In the United States, there is a general presumption that contracts are “void ab initio” (Latin for “from the beginning”) and unenforceable when they are unconscionable. An exculpatory clause is generally unenforceable when, among other things, it purports to release one party from responsibility for its own negligence. In such cases, courts will refuse to enforce the contract because of public policy considerations. What is an exculpatory clause?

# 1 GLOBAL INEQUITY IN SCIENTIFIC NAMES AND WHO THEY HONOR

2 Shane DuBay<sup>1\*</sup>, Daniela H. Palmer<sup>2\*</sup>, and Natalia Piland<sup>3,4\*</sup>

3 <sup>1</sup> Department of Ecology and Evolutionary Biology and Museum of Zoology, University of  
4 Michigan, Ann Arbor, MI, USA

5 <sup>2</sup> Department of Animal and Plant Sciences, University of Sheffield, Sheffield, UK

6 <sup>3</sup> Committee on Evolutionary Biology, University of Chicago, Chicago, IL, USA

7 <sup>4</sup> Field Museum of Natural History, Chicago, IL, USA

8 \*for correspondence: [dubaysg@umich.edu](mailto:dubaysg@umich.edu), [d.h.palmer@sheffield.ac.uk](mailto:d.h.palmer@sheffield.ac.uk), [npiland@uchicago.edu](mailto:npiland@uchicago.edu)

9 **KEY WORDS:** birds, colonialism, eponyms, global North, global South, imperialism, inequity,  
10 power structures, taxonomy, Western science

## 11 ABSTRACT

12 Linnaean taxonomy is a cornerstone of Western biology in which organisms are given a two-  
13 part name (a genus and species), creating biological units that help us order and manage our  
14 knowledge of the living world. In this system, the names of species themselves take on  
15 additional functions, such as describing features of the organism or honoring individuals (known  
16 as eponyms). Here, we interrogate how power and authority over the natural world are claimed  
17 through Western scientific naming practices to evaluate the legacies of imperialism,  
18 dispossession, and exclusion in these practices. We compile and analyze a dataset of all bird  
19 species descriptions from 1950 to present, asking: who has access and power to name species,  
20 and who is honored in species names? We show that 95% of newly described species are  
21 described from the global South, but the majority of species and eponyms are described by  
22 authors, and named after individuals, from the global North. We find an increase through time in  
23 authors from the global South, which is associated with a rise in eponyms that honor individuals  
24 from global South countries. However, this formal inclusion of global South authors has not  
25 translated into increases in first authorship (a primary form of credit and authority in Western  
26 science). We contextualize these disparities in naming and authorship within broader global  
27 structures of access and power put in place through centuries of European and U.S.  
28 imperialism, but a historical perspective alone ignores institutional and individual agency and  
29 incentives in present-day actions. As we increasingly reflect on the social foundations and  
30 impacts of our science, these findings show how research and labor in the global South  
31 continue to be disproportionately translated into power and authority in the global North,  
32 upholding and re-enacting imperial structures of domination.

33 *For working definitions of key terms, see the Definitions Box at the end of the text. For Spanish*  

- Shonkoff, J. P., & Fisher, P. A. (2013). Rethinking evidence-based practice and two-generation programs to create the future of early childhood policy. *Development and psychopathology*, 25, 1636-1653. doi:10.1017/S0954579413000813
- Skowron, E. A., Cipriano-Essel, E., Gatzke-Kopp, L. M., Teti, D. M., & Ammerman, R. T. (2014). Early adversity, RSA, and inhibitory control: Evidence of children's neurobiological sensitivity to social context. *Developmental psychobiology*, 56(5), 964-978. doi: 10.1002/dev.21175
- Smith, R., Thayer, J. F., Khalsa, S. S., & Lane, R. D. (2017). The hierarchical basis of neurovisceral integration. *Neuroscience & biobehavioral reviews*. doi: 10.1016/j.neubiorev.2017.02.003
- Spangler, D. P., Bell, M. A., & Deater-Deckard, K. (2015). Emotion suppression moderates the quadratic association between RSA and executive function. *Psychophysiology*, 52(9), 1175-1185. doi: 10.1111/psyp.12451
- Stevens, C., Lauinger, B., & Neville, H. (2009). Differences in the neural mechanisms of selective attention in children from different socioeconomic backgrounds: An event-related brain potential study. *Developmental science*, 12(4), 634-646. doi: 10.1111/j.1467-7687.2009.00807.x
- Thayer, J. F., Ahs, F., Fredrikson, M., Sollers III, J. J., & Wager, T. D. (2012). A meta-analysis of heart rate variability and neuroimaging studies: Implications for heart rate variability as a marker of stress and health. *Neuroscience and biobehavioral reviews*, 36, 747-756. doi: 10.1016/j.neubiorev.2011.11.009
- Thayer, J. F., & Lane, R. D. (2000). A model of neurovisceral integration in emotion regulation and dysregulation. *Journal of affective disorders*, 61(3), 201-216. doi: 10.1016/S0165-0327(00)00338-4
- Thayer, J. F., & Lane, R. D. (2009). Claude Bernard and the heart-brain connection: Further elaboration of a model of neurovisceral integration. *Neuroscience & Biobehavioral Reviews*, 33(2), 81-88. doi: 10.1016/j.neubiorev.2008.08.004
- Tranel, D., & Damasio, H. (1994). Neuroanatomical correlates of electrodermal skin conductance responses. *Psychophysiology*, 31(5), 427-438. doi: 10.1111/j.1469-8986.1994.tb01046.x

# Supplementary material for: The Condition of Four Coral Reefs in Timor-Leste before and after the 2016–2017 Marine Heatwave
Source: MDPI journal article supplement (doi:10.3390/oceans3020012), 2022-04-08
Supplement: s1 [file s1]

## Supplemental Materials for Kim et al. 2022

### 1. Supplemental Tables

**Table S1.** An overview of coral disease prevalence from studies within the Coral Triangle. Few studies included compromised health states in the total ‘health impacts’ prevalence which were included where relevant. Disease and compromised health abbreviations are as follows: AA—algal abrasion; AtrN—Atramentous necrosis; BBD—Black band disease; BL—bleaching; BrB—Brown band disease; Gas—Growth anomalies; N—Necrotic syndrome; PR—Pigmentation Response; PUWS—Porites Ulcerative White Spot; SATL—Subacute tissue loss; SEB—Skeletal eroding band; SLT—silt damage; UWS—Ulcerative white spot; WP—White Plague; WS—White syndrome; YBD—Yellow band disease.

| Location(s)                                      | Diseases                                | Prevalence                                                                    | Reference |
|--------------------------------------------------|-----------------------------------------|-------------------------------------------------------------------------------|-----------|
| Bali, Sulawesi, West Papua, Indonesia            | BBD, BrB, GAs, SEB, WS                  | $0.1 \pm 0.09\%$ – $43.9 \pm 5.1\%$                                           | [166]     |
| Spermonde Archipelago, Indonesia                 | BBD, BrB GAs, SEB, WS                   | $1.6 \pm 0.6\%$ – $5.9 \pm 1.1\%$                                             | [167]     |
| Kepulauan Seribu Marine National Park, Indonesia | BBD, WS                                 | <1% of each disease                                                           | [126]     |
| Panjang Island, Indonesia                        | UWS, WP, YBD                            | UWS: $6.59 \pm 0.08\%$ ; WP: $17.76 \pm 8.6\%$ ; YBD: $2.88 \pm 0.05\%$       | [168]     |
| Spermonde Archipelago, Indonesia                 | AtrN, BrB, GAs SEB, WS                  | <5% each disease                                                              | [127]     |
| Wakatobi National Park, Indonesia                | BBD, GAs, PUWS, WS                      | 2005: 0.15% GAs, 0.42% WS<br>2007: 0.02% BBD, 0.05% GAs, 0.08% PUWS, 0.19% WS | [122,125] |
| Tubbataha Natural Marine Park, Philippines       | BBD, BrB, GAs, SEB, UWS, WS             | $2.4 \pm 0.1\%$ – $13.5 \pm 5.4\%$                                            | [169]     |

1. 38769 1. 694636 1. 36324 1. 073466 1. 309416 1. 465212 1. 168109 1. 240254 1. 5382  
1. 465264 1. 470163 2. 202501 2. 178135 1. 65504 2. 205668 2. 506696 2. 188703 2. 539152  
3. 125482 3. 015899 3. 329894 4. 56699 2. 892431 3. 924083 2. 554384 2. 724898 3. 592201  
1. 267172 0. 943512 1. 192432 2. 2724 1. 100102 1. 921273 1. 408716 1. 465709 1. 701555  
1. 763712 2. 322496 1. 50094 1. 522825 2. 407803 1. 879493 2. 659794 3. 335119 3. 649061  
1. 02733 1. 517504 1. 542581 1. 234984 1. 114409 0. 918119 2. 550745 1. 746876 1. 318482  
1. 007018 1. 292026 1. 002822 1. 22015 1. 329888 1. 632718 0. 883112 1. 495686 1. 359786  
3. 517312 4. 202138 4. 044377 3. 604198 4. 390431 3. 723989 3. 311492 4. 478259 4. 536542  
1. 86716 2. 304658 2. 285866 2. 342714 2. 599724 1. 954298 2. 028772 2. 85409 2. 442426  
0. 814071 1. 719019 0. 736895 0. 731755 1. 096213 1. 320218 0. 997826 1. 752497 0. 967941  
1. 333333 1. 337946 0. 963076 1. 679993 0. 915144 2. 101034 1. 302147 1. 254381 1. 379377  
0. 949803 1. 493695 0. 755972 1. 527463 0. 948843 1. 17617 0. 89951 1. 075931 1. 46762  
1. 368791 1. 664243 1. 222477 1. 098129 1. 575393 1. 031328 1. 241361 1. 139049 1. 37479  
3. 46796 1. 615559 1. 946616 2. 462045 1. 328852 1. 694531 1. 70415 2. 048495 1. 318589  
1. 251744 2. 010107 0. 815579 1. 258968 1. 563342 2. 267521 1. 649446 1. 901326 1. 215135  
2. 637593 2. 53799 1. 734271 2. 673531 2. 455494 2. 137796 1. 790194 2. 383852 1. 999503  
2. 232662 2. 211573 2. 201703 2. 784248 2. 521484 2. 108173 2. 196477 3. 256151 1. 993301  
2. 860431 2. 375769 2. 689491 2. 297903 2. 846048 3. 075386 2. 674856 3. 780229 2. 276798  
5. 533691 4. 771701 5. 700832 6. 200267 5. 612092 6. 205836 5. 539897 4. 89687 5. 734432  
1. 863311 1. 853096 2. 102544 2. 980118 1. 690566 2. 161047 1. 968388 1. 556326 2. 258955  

As a general rule, contracts contemplating the release of one party from responsibility for its own negligence are unenforceable. A good example: In Texas, courts have gone so far as to refuse to enforce agreements that would absolve one party’s liability arising out of their own willful and wanton misconduct. Courts will generally consider such clauses unconscionable because they usually allow a defendant who has engaged in intentional wrongdoing to profit at the expense of the plaintiff (who can’t sue). This public policy consideration arises again when considering contract provisions which purport to excuse or limit liabiilty arising from injury caused by another person–i.e., claiming protection under the doctrine of assumption of risk